Virginia Skiing Escapes

Photo: Courtesy Wintergreen Resort

Check out the best local hills for skiers and riders in Charlottesville and Richmond, Va.

Virginia might not be the first state that jumps to mind for committed and curious skiers or snowboarders. But come winter, there are worthy options to explore in the Old Dominion at four resorts within easy striking distance of Richmond and Charlottesville. Nestled in the rolling Blue Ridge and Allegheny mountains, the four-season resorts of Wintergreen, Bryce, Homestead and Massanutten make for perfect getaways. Whether it’s lessons or quick laps midweek, or full family outings on the weekend, easy access, affordable lift tickets, plentiful lodging and dining options, as well as multiple activities beyond the chairlifts, make a strong case for central Virginia’s slopes. The season usually lasts from December through mid-March, so make your plans now to take advantage of a targeted ski-season window. 

Wintergreen Resort         

Just an hour west of Charlottesville, on the eastern slope of the Blue Ridge Mountains adjacent to the Blue Ridge Parkway, Wintergreen Ski Resort offers 1,000 acres harboring 27 runs with terrain for all levels of skiers and riders. Eight lifts provide the up, including a pair of high-speed, six-pack chairlifts, while an advanced snowmaking system with more than 400 guns ensures snow coverage. Lift tickets are available in eight-hour segments, extended session (open-close), or night session (4 p.m.-close). Like air and rails? Its terrain park has more than 40 features as well as its own dedicated lift. And if you want to give your legs a break, it also has the state’s largest tubing park. A four-season resort, it also offers the chance to visit vineyards, presidential estates, historic farms, plus a frontier museum. And your dollars are helping a good cause: The resort partners with The Wintergreen Nature Foundation, supporting wildlife habitat preservation and environmental education. For food, try The Edge for world-class gumbo and visit nearby Afton, Va., for après treats at Blue Mountain Brewery, known for their home-grown hops.  

Photo: Courtesy Wintergreen Resort

Massanutten Resort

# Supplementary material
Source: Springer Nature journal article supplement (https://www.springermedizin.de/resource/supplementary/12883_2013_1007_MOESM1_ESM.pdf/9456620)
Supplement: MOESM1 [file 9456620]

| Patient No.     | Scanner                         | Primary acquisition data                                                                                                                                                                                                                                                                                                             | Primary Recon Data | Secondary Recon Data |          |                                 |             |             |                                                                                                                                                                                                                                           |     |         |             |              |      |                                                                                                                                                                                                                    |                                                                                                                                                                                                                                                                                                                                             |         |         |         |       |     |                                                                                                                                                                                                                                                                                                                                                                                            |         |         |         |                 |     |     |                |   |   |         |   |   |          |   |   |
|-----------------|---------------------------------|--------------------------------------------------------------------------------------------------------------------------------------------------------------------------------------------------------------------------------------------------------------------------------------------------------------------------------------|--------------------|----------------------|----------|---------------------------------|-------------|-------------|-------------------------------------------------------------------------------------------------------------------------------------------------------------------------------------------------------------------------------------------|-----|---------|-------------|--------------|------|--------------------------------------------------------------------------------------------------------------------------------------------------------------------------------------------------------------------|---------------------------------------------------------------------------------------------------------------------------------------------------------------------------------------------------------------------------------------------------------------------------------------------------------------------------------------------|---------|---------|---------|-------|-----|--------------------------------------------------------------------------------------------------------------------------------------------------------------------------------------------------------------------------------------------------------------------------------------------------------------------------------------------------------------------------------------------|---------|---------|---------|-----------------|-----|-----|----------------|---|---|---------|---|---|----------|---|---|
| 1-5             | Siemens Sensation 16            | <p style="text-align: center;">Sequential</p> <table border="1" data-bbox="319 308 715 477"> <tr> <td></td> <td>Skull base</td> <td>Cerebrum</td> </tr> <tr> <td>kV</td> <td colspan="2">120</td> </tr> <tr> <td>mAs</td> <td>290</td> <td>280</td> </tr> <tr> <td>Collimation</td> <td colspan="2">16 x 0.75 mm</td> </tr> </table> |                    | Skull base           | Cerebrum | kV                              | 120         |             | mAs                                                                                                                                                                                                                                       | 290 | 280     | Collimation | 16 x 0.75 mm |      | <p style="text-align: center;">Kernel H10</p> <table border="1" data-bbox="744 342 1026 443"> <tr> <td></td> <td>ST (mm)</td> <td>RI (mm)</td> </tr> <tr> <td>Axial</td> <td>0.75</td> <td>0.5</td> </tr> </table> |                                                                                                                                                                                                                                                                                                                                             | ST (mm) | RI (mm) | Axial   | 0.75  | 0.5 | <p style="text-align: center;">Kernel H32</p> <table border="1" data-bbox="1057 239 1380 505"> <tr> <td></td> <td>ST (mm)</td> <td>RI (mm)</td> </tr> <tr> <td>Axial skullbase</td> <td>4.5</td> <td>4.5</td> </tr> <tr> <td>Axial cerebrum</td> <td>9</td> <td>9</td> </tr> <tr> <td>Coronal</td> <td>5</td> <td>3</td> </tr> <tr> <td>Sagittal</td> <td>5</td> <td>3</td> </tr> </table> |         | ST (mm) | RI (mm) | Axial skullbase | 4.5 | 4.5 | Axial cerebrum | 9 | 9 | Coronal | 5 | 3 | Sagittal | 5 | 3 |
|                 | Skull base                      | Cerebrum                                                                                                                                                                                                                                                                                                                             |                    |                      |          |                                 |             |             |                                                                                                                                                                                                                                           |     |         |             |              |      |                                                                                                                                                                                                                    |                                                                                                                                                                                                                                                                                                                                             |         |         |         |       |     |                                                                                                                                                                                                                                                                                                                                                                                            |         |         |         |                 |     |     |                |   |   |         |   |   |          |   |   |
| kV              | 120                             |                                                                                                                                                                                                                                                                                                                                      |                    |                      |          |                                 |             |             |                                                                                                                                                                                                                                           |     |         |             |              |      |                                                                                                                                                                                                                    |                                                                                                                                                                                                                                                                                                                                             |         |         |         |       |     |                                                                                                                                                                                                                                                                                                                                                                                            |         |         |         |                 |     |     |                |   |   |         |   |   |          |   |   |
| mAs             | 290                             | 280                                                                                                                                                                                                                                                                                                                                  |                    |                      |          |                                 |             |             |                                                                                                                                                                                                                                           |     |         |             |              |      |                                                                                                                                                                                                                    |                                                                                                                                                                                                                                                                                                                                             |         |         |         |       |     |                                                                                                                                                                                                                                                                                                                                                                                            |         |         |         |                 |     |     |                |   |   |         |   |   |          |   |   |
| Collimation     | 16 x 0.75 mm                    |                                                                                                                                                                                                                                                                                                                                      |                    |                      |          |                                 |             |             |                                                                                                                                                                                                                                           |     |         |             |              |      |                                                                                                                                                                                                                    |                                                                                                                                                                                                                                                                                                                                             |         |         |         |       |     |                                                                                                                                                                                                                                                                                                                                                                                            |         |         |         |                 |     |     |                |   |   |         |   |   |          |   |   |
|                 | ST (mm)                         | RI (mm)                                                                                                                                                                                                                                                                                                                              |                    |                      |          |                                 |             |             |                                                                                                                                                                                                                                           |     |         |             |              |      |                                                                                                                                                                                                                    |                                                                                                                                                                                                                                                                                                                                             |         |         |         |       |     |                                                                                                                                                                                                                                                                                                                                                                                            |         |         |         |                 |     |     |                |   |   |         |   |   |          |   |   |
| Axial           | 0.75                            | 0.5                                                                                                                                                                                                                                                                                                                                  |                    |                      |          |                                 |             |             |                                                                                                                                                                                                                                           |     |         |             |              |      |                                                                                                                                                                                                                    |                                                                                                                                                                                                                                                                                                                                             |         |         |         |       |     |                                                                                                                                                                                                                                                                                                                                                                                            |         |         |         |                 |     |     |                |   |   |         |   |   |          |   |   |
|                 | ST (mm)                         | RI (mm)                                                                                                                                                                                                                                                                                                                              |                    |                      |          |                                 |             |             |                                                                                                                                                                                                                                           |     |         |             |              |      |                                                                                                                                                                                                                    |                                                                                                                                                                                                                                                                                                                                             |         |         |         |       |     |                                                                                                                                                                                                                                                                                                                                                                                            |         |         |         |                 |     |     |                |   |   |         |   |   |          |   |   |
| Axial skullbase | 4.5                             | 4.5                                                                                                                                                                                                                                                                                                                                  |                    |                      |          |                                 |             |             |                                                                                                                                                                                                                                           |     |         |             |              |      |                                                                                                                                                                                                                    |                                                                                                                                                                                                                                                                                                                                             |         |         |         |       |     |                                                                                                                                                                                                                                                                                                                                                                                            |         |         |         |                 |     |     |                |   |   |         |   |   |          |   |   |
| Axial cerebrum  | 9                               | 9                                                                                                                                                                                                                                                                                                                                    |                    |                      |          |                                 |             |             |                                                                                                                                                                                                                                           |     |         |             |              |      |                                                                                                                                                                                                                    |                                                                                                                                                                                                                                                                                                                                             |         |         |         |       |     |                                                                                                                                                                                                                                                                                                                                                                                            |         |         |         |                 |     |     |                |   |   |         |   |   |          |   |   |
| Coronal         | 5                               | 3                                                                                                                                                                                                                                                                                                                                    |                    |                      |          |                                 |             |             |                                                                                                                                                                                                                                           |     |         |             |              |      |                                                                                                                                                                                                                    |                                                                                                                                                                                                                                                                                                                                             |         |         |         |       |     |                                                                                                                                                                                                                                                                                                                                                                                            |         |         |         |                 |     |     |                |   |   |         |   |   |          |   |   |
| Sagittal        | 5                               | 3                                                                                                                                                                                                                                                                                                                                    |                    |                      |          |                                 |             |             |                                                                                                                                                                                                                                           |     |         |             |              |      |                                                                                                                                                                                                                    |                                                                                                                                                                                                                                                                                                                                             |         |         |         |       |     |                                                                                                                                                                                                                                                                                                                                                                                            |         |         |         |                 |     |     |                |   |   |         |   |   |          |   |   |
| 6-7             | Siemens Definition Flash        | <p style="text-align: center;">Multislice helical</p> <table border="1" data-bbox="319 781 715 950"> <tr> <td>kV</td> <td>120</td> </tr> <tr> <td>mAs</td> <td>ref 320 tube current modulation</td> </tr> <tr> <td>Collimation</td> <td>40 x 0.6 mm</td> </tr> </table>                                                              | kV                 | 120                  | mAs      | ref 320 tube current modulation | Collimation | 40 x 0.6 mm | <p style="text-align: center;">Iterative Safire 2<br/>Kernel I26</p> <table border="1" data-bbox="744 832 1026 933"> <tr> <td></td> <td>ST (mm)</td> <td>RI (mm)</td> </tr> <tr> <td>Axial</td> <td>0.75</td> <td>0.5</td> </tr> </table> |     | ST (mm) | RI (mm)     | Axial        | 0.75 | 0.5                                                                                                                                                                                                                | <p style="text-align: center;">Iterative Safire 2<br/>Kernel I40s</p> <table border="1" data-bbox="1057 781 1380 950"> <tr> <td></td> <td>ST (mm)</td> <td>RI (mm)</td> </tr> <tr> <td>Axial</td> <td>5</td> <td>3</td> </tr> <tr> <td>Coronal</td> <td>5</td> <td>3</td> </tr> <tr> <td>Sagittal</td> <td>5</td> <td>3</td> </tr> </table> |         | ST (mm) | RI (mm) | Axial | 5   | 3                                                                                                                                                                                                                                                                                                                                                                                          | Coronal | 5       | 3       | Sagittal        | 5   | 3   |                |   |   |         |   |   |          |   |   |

Located an hour northwest of Charlottesville via U.S. Route 33, and just minutes from the Shenandoah National Park & Skyline Drive, Massanutten Resort boasts the most vertical drop in Virginia, Maryland and Pennsylvania (at 1,110 feet of vert), with eight lifts and 14 trails for skiers and riders (all 14 of which are lighted for night skiing). It’s also one of the oldest ski resorts in the Southeast, celebrating its 50th year this season. To mark the milestone, upgrades and improvements include: replacing the last remaining original lift (a J-Bar) with a 650-foot carpet lift; realigning the intermediate/advanced terrain park and building the new Easy Street Terrain Park for novices; adding new RFID gates for lift tickets; expanding the mid-mountain lodge and grill; and installing over 50 new snowmaking guns. Bonus: Ski in the morning and then play in the 16-lane, 900-foot-long tubing park or the 5,000-square-foot ice rink under the lights in the evening. To refuel, hit the new Grab N Go Café or Base Camp Bar & Grill on the lower level of the lodge; or Elevations Lounge on the second floor, which offers a fully stocked bar and light fare (try the Trash Can Nachos and a Figgy Sparkler from the bar).  

Bryce Resort 

Located in the scenic foothills of the Allegheny Mountains and the northern part of Virginia's Shenandoah Valley, Bryce Resort is a family-friendly ski area with terrain for all skier and rider levels. While the 400-acre resort is member-owned, it’s been open to the public since it was founded just 11 miles west of Mount Jackson in 1965. It might be small by other resorts’ standards—its eight trails are spread over just 25 acres of skiable terrain, with a 500-foot vertical drop—but it’s efficient and fun, with five lifts, two terrain parks and a majority of beginner- and intermediate-level slopes. And don’t let its size fool you; its longest run still clocks in at 3,500 feet, enough to tire most legs. Stay for the evening as well, as night skiing is available on all its trails except for White Lighting and Hangover. For après dining and drinking, try the Copper Kettle Restaurant; during the day, hit the grill at the Shenandoah Center cafeteria for breakfast and lunch.    

Omni Homestead Resort 

Designated a National Historic Landmark with a storied past that extends back two and a half centuries, the luxurious Omni Homestead Resort in the Allegheny Mountains is known for its world-class hotel, championship golf courses and the largest hot springs in the Commonwealth. But it also includes the oldest ski resort in Virginia, founded in 1959. And the skiing and riding is as respectable as the presidents who have stayed there, with 10 runs spanning 45 acres of terrain and a 700-foot vertical drop, all with top-notch snowmaking. It’s a nice spot for beginners, complete with the Rossignol Experience Center for instruction, a large teaching area and a wealth of easy terrain off the main lift, while intermediate skiers and riders can hone their skills on the Glades and Escape trails; more advanced guests can head down the Chute. Other activities include ice skating, tubing, and a renowned spa. For vittles, try its award-winning main restaurant or more casual Jefferson’s.    

All articles are for general informational purposes.  Each individual’s needs, preferences, goals and abilities may vary.  Be sure to obtain all appropriate training, expert supervision and/or medical advice before engaging in strenuous or potentially hazardous activity.